The film isn’t going to win any awards for originality, f/x or even the comedy. It’s a low-budget film with all of the limitations that go with that situation. Creatures are dressed in silly masks or red faces. But there is a good level of style here. The movie embraces its situation and attempts to make the best of it. These actors know they aren’t going to be confused with De Niro or Pacino, not even Fred De Niro or Bart Pacino. Instead of allowing their own limitations challenge the performances they decide to just have a good time with the whole thing. That shows through and allows us to join in with the fun and keeps us from getting too bogged down picking apart the film’s shortcomings. They know this is all silly fun and just invite you to play along. It’s like those days as a kid when you might find a pile of rocks and start playing Star Trek. You made it up as you went along. The script here has that same kind of quality. In fact, I would not be surprised at all to learn there was a significant amount of improvisation connected with this movie.
The Lovecraft background stuff beats that ongoing problem of depicting Cthulhu on screen. The background information is told through an animated comic sequence that is pretty cool. Again we’re talking simplistic budget stuff here, but it is imaginative and will offer you a look at the Lovecraft mythos that you haven’t seen before. It’s all in good fun and has to be approached in that way or you will really hate this movie.
The Last Lovecraft is presented in its original aspect ratio of 2.35:1. For the most part I think you’ll find this a solid low-budget image presentation. Colors are natural enough, but the film lacks any real texture. The detail is fine, in fact a little too good for many of the monster masks. The Starspawn mask is pretty good and holds up, but some of the aquatic creatures look quite bad. The real problem here is a bit of compression artifact that causes a few scenes to look somewhat unstable. Black levels are on the average side with very little in the way of shadow detail.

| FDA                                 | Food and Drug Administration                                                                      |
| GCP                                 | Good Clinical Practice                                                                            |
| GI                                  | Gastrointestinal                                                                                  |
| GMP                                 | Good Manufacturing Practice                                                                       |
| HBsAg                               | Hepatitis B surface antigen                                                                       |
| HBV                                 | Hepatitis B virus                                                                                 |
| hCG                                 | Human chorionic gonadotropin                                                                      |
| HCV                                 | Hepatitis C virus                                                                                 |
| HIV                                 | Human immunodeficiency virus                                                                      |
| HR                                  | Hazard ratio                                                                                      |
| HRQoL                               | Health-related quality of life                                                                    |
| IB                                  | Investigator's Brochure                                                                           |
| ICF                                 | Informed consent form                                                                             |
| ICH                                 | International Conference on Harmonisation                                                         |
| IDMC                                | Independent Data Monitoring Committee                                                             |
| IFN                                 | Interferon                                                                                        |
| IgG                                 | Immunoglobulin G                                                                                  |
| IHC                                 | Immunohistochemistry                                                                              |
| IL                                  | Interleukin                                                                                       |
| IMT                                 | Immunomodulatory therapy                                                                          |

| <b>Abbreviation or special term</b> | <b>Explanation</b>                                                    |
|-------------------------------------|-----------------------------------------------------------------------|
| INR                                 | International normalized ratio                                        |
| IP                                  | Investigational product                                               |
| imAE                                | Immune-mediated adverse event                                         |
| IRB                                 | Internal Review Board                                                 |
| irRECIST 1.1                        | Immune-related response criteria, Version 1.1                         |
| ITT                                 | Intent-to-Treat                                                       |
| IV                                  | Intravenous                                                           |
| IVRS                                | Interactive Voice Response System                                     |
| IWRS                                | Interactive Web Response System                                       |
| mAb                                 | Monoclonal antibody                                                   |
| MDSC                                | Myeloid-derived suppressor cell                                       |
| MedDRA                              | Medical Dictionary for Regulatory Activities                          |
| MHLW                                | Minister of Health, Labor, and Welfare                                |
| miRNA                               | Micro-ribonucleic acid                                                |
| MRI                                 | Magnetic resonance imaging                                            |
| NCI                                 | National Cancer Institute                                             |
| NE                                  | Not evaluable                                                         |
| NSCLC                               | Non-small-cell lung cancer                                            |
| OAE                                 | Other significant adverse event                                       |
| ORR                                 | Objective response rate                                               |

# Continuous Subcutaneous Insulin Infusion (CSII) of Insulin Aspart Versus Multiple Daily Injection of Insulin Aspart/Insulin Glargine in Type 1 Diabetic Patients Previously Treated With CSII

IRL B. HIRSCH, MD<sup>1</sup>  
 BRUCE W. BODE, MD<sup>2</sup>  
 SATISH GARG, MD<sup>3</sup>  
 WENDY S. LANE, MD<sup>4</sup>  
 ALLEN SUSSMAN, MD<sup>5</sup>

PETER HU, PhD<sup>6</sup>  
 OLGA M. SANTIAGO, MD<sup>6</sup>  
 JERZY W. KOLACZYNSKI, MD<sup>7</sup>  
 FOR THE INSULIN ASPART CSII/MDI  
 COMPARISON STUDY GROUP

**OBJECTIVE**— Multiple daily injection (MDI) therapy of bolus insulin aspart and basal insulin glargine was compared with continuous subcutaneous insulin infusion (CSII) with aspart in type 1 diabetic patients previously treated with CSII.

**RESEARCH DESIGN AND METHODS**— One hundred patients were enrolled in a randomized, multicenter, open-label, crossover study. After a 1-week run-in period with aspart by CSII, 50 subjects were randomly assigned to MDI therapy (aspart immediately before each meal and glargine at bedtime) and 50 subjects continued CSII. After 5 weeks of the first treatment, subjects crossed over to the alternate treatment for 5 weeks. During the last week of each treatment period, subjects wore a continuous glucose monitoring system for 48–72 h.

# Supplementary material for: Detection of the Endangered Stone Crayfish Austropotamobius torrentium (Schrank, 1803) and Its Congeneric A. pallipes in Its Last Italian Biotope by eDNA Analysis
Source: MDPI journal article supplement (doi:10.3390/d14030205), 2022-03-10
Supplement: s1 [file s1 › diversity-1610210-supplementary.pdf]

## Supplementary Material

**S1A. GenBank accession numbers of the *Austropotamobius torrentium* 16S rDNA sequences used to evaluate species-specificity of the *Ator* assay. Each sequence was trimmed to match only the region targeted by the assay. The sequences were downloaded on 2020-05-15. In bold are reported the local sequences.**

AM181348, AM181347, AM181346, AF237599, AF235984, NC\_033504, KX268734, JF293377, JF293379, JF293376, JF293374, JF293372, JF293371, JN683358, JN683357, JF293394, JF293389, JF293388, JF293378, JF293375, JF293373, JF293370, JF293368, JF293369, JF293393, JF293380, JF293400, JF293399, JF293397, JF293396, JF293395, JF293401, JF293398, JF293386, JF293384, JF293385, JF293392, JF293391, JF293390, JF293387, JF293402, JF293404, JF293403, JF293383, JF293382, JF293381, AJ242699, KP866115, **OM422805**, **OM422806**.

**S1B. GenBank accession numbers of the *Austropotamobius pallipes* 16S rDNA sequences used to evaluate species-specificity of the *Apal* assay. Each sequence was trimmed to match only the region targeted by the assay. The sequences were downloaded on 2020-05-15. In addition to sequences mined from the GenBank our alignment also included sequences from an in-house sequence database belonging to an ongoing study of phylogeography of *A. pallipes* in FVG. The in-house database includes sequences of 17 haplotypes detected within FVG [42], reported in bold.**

The Dolby Digital 5.1 track is a bit overpowering at times. It seems that the music or sound often buries the dialog. I found a few instances where I had to back up and try to figure out what was said. There are some incredibly obvious examples of dialog looping which show me there wasn’t a lot of board work done in the sound design. Such are the limitations of budget. I wouldn’t let any of these things scare you away, however. It’s all still in good fun.
There’s an Audio Commentary with Henry Saine, McGinn and Davis. They laugh a lot, which reinforces the whole fun idea of the film.
Extended Scene: (2:39) More of the Lake lecture scene from the beginning of the film.
Pencil Test: (2:13) Take a look at early design on the animated comic. There’s an interesting commentary by director Henry Saine.
Maybe not the film for the serious Lovecraft fan out there. Is it me, or do you guys just not really laugh that much? While this movie might be quite forgettable, I suspect that you might find it worth the rental. Give the guys credit for finding a way to present material that is just too difficult to capture effectively on film. It’s a farce, and you have to approach it that way from the start. It’s silly. Irreverent and respectful of Lovecraft all at the same time. If you’re not careful you just might get sucked in. “It’s like a nerd black hole.”